Some visitors to the site believe that exposure to the moonlight has helped alleviate some medical conditions. After bathing in the moonbeams, Carr said he noticed an improvement in a long-standing asthma condition.

However, no clinical experiments with moonlight have been carried out on people. Scientists say there is no proof that it has any effect whatsoever on medical conditions and diseases, and are skeptical of anecdotal claims.

“I haven’t seen any hard scientific evidence that it’s not a placebo effect. There hasn’t been enough real research on it yet to say that it’s doing anything,” said Katherine Creath, research professor of optical sciences and medicine at the University of Arizona.

“But whether or not it’s the placebo effect or the light, I don’t think that matters as long as people feel like they are having a positive effect, then it’s worth it to them to do it,” she added.

The Chapins are eager for researchers to use the site to determine if moonlight does have any demonstrable applications in areas including medicine, plant biology and certain industrial processes. They also welcome visits by skeptics to the site.

Meanwhile, visitors continue trek out to the imposing installation and listen to ambient music as they wait for a break in the clouds to step into the moonlight. For them, it is a very enjoyable experience in itself.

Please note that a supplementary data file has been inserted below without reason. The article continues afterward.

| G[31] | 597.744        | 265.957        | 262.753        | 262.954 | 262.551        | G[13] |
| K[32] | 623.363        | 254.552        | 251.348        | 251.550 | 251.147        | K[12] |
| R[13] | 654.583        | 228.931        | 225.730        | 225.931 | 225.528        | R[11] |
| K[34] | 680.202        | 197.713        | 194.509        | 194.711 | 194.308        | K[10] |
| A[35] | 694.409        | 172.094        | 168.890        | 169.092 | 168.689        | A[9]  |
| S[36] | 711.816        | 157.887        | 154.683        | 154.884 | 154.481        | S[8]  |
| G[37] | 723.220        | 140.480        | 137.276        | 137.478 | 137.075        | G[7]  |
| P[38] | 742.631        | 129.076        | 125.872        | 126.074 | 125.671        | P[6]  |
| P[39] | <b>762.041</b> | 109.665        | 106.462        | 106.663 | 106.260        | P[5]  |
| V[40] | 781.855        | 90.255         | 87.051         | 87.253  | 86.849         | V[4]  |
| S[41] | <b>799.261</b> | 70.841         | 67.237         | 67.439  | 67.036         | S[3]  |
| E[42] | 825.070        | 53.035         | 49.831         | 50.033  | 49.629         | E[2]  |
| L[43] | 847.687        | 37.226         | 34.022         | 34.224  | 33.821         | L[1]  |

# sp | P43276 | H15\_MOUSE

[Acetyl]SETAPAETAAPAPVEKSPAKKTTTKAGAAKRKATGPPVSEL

“You feel almost like you are in heaven,” said Aranka Toniatti, a cancer patient who has driven from Colorado twice to stand in the moonlight. “It’s a gorgeous feeling.”

(Editing by Eddie Evans)

© Reuters2007All rights reserved

2 thoughts on “Moonstruck flock to Arizona light collector

  1. I had an odd experience with this blog entry of Frank’s. The same morning of the blog entry (Friday) I woke very early and decided that instead of getting up, I’d stay abed using my new Remote Viewing take home CD from the Monroe Institute. I was having an interview with a Japanese newspaper about things that might happen in 2008. So my RV goal was to foresee some big or major news events for the coming year. I got my earphones on and my paper and pencil next to me for notes and proceeded to listen. I remember jotting down a few images I saw and then dropping out (like dozing off but with a qualitative difference) for about 90% of the CD time. During the dropout period I had the coolest body sensations of rippling and rocking. The rocking I’ve had several times before but the rippling was all new and really cool like my body was made of water.I had a breakfast appointment that I was nearly late for when I woke up and did not check my notes as I climbed down from my loft bed and into my clothes. I later checked my email and saw Frank’s post and sent off an e-mail response about how interesting I thought it was. Later in the afternoon before the Japanese newspaper guys stopped by, I went up the ladder to fetch my notes and collect my thoughts. As I read through them I saw scrawled there amongst 5-6 items this one: Arizona. Lots sm. solar cells… white… brigtht… blue… on dish. Then it hit me. Was this a future oriented event or did I just “see” the picture from Frank’s post? Reading my notes jarred my memory (and I will try to keep better notes in the future because of this experience). The significant difference between the photos of the actual moonbeam array and what I “saw” was the shape of the array. I saw a dish, not a rectangular array, but interestingly the small round cells glowed a bright bluish white like moonbeams.These adventures just get more interesting all the time!

  2. how can i find this moonbeam collector place. I tried searching on the internet for the location but no luck. Can someone send me an email on the address/location on how to get to this moonbeam collector place? Thanks